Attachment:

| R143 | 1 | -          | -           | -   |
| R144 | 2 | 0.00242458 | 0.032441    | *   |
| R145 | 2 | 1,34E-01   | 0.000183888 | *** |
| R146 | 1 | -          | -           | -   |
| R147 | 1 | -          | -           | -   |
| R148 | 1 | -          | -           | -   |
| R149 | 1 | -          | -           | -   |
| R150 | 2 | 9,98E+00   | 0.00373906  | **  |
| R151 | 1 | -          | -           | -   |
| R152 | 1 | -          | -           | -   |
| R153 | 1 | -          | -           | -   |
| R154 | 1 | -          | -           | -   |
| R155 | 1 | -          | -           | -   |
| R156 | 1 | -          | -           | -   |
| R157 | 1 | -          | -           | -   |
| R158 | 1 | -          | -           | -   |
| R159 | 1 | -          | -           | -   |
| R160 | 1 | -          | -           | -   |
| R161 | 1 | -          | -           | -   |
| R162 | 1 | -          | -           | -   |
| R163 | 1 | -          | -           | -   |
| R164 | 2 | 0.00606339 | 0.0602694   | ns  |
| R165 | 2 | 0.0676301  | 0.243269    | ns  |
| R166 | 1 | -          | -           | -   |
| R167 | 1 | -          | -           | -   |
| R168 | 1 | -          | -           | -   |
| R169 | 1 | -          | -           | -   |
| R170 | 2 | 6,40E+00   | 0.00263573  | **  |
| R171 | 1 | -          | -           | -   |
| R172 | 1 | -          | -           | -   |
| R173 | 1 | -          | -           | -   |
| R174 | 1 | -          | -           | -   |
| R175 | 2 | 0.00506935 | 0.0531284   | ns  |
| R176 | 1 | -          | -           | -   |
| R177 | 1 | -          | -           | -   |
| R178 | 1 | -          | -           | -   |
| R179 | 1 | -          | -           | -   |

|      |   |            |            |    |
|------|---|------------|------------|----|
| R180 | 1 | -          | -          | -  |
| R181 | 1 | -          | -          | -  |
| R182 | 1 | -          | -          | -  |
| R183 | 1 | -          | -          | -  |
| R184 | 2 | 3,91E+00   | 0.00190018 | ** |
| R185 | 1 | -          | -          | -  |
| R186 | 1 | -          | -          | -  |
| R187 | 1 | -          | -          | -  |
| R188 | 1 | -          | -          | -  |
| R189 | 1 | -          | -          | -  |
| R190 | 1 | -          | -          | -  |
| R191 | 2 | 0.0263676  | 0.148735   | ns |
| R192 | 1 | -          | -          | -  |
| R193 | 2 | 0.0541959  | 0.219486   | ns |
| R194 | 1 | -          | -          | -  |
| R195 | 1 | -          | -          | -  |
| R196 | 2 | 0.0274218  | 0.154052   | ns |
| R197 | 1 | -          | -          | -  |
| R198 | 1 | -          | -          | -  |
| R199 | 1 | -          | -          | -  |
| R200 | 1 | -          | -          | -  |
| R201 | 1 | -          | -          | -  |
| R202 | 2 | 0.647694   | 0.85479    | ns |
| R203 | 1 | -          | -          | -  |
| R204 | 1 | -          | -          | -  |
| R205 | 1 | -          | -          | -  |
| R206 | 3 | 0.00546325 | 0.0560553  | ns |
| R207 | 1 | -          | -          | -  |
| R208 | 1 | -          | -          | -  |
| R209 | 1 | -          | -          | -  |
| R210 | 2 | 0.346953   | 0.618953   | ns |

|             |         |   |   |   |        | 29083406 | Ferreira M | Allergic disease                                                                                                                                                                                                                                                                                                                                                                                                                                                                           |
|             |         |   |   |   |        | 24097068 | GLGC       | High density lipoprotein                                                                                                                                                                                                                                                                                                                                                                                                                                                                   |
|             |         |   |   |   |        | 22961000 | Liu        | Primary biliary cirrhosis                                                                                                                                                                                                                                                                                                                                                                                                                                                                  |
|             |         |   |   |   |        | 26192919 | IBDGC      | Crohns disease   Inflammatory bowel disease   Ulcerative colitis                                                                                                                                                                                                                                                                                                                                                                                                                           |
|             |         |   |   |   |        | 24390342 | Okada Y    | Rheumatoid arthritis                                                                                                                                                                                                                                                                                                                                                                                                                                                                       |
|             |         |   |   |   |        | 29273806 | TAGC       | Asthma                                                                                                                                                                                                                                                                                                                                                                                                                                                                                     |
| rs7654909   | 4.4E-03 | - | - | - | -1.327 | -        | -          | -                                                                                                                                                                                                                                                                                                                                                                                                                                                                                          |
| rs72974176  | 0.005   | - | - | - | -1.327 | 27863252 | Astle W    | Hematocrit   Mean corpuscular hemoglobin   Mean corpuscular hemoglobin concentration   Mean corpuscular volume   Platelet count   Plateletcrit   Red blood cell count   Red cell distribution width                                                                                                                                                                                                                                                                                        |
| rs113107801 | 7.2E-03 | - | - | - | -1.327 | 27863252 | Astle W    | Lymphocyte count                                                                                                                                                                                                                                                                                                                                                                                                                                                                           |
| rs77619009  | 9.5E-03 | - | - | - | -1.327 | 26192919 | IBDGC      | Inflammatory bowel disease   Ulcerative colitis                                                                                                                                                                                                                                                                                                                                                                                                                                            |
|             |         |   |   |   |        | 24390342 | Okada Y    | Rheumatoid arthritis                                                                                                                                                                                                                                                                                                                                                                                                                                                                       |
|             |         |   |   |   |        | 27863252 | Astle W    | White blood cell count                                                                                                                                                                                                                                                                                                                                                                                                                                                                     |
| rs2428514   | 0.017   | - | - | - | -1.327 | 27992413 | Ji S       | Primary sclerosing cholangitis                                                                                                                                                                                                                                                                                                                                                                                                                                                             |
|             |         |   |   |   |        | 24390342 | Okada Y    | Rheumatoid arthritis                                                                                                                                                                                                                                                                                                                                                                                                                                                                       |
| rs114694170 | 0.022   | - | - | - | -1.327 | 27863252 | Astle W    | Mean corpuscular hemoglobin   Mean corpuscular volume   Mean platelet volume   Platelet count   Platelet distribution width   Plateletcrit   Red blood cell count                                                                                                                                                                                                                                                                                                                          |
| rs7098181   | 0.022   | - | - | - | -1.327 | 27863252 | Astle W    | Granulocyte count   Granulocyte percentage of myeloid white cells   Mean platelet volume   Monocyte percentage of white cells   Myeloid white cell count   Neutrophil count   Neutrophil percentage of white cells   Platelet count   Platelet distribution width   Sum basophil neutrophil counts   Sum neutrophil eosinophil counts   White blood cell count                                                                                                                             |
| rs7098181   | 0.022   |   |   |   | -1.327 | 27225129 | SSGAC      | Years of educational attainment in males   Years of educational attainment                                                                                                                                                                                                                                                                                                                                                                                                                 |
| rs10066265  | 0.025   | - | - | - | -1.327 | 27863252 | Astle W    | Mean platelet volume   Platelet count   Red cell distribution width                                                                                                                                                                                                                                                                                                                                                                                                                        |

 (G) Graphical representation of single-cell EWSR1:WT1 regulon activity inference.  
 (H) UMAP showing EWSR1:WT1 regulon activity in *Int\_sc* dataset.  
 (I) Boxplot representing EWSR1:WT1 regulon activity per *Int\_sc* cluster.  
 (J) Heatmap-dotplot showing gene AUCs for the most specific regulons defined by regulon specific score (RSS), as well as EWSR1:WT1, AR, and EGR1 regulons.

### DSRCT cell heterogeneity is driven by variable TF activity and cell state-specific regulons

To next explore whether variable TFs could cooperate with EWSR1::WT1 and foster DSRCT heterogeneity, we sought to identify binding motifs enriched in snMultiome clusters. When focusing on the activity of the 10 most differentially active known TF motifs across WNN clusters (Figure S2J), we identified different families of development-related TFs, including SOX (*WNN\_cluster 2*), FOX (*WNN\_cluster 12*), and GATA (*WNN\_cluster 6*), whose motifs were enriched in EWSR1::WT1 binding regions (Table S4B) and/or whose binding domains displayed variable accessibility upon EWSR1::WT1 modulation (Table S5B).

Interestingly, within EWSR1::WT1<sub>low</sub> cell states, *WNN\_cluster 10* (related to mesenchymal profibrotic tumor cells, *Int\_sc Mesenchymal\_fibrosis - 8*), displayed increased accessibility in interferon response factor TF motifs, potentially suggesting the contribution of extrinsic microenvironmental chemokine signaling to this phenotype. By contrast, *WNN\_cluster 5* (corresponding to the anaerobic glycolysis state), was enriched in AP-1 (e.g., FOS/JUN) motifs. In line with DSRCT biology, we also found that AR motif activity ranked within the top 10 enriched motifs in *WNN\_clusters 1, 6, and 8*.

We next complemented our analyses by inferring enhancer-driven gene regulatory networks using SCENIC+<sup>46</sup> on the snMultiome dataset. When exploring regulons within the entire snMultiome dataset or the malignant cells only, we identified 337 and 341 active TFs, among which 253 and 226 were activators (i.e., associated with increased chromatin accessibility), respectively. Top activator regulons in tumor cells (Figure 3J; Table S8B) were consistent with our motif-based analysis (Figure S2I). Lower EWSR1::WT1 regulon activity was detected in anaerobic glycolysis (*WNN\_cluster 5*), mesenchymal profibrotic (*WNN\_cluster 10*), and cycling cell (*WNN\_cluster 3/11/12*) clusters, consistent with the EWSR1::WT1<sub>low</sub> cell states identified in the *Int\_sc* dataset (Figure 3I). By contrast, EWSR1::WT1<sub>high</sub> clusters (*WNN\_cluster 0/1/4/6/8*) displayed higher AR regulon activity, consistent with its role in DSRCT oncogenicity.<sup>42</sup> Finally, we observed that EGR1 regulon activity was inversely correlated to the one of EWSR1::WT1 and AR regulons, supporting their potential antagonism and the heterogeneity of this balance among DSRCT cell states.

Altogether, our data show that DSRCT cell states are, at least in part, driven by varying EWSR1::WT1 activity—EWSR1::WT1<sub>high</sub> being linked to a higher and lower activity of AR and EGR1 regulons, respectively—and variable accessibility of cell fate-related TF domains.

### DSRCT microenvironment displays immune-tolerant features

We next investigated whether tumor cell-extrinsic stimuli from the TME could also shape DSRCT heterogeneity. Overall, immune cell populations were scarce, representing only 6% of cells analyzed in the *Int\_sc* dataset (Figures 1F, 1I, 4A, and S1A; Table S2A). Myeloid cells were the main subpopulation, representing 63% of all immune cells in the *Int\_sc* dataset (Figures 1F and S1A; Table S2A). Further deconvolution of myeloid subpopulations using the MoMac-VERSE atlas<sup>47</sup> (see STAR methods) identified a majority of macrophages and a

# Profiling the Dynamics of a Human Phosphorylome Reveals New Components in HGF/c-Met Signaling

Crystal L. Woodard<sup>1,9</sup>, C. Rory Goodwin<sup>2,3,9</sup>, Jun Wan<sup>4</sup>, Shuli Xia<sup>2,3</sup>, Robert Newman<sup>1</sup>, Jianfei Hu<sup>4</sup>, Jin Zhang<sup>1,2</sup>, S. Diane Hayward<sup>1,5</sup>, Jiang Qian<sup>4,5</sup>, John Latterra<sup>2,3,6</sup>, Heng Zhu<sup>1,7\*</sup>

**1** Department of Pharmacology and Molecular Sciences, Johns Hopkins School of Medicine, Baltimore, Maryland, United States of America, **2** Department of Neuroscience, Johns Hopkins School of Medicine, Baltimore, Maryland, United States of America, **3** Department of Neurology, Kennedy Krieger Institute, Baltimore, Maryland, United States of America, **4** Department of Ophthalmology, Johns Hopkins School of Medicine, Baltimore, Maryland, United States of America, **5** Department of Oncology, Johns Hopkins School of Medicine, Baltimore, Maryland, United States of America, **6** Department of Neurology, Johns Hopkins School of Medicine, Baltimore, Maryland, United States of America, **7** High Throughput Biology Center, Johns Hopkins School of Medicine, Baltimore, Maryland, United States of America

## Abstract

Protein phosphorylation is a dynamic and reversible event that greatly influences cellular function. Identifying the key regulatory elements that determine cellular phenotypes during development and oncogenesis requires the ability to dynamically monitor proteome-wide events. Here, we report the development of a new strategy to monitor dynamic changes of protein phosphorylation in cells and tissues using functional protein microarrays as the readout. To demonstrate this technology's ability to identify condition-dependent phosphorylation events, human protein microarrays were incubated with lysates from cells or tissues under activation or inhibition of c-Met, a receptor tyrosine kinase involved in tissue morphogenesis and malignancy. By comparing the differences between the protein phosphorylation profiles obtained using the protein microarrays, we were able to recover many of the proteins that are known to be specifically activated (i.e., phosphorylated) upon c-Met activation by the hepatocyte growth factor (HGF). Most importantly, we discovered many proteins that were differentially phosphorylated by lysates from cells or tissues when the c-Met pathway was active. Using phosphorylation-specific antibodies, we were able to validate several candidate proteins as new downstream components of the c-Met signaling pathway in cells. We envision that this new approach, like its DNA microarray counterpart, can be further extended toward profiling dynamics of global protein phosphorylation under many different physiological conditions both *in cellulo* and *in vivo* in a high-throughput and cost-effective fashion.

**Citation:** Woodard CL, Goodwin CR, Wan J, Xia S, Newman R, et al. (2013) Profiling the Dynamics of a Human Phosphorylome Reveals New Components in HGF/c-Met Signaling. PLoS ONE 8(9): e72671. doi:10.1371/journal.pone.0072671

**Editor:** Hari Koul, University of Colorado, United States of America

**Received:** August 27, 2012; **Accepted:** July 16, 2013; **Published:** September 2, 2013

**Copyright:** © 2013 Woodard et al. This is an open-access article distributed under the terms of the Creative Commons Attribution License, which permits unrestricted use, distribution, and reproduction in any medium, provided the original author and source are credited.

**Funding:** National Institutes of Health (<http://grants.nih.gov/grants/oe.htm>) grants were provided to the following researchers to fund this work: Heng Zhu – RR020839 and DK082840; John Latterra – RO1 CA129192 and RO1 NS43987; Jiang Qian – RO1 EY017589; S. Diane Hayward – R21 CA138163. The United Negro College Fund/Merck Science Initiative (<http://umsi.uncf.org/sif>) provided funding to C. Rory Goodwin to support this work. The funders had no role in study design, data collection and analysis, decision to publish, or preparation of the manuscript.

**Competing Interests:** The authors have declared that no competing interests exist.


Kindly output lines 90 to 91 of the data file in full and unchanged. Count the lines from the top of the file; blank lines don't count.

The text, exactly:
 (H) UMAP showing EWSR1:WT1 regulon activity in *Int\_sc* dataset.  
 (I) Boxplot representing EWSR1:WT1 regulon activity per *Int\_sc* cluster.  